It is difficult to discern the gravamen of plaintiff's complaint because it violates Fed. R. Civ. P. 8(a)(2), which requires "a short and plain statement of the claim showing that the pleader is entitled to relief...." Plaintiff names two defendants, Warden F. Gonzalez and D. Foston, in the caption of his complaint, but includes within the body of the complaint references to defendants Villegas, Curiel, Thomas, Haws and Martel. Complaint, pp. 1, 3, 6-8. Plaintiff alleges that defendant Foston, [California Department of Corrections and Rehabilitation (CDCR)] Chief of Inmate Appeals in Sacramento, violated his right to equal protection and subjected him to invidious discrimination. Id. at 3. He also claims that defendant Foston denied him his right to due process. Id. at 3-4. Defendant Foston did all this, according to plaintiff, while demonstrating the "alleged shortcomings" of the prison appeals system and library and legal assistance program. Id. at 4. Defendant Foston allegedly hindered plaintiff's efforts to pursue a legal claim by storing and warehousing plaintiff's grievance forms and other legal documents. Id. In support of these claims, plaintiff references his Exhibit D, which appears to be a copy of a declaration by D. Foston submitted in support of defendants' motion to dismiss plaintiff's complaint in a Central District of California case, Trotter v. Haws, et al., CV 09-5400 JVS (JCG). Id. at 4, 17-22. Defendant ascribes a different date to the declaration, March 5, 2010, from that which is actually contained on the apparent copy of the declaration signed by D. Foston at Ex. D, which appears to be May 14, 2010. Id. at 22. The court's review of this document indicates that defendant Foston set forth the claim or claims which plaintiff had administratively exhausted in Case No. CV 09-5400 JVS (JCG), as well as those which were rejected by the Inmate Appeals Office for, inter alia, missing documentation or failure to complete the second level of review. Plaintiff alleges defendant Foston has pled his personal involvement at every level of the grievance process where he claims defendants Curiel and Thomas, apparently among the parties sued in the case denominated CV 09-5400. Id. at 8. The gravamen of that complaint is not sufficiently clear but it appears that plaintiff is attempting to implicate defendant Foston for his having submitted a declaration setting forth what claims had been exhausted and unexhausted in that case. Plaintiff also includes a copy of what appears to be a third level of director's appeal level denial of a claim against defendant Villegas, which was evidently among those apparently at issue in the Central District case, which defendant Foston indicated had been administratively exhausted and on which appeal denial defendant Foston apparently provided a co-signature. Id. at 21, 24-25. Plaintiff makes generic claims that the prison "appeals grievance system is shattered," provides no relief or remedy and is racially discriminatory. Id. at 9.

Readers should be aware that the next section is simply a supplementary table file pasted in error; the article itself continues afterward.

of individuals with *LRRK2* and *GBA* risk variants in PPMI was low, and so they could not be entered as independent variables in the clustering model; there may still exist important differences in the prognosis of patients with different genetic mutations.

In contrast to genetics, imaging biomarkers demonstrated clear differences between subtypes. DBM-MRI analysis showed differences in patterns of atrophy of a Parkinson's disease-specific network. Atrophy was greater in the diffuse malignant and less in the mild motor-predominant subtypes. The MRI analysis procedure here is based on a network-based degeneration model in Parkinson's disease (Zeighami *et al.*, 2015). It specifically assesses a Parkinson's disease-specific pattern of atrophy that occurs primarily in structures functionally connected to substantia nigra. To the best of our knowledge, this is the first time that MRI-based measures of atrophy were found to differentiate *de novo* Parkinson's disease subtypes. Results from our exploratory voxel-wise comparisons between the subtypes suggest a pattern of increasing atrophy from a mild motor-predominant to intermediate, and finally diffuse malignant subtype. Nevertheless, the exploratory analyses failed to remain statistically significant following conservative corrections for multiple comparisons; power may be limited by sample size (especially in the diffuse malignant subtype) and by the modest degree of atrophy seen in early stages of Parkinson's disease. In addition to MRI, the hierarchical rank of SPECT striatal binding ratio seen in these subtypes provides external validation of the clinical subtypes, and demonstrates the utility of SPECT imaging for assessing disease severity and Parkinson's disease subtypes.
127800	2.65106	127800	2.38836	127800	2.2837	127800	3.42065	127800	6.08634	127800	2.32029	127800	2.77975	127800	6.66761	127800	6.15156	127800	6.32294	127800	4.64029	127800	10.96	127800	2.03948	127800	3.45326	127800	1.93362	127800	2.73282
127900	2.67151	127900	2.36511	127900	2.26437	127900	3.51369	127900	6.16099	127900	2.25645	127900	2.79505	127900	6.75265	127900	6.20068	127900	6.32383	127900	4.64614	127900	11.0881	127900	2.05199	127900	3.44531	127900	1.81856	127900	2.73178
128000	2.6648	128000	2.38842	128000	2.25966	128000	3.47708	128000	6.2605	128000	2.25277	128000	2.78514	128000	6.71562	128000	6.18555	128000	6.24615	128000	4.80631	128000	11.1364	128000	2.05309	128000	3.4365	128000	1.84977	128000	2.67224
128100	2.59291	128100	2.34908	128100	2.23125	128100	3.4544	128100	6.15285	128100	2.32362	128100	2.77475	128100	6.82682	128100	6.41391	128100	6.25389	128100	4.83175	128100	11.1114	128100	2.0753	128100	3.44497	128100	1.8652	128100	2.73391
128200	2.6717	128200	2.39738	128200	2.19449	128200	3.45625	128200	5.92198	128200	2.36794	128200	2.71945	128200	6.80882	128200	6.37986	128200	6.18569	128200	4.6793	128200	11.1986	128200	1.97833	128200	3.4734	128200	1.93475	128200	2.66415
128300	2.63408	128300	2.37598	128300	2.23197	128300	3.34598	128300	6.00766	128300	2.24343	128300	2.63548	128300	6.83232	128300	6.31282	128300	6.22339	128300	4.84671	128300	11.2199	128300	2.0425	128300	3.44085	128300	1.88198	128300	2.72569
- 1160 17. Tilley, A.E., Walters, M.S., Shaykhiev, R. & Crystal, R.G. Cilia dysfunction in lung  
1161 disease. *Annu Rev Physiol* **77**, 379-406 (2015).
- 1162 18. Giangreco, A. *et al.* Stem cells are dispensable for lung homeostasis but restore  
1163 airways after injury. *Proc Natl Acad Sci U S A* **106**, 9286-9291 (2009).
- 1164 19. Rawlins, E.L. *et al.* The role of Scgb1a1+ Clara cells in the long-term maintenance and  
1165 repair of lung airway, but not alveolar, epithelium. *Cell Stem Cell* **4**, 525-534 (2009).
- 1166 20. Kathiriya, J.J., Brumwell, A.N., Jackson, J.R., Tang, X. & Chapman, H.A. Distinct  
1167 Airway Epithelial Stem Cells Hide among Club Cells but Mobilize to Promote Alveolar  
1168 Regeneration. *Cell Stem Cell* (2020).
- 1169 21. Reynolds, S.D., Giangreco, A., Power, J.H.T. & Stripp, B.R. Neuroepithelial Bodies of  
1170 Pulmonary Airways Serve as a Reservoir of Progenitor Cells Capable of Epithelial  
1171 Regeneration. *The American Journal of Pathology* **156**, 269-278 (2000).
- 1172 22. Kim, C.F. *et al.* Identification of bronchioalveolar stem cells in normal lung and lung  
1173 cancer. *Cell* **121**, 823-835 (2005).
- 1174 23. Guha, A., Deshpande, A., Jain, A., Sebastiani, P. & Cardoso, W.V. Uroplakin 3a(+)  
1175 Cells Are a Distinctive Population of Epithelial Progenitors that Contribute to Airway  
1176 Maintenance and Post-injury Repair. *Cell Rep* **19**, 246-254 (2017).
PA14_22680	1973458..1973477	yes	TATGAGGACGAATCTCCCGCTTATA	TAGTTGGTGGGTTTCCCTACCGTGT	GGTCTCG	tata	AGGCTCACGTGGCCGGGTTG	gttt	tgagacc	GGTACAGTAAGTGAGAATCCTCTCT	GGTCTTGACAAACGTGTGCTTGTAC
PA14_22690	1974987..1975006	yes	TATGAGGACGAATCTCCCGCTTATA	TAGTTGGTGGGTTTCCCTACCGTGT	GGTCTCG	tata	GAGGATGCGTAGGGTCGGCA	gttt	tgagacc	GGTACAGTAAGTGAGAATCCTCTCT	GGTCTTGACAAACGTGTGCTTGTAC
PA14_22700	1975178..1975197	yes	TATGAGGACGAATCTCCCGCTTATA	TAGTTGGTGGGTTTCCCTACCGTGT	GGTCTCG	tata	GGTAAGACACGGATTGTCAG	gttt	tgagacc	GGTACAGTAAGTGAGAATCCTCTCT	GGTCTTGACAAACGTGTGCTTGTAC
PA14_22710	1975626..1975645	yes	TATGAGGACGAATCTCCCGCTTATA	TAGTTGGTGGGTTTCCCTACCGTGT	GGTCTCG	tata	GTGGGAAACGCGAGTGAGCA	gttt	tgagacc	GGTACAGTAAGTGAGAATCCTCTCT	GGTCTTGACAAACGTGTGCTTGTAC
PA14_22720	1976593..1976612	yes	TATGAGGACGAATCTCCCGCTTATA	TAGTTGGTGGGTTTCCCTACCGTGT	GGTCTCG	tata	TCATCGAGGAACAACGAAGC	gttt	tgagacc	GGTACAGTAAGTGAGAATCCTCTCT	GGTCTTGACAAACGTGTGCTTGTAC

Among the relief plaintiff seeks is the restoration of lost time credits for having been found guilty on a prison disciplinary charge. Complaint, p. 10. To the extent that plaintiff is attempting to have his lost time credits restored, he is not proceeding via the appropriate vehicle.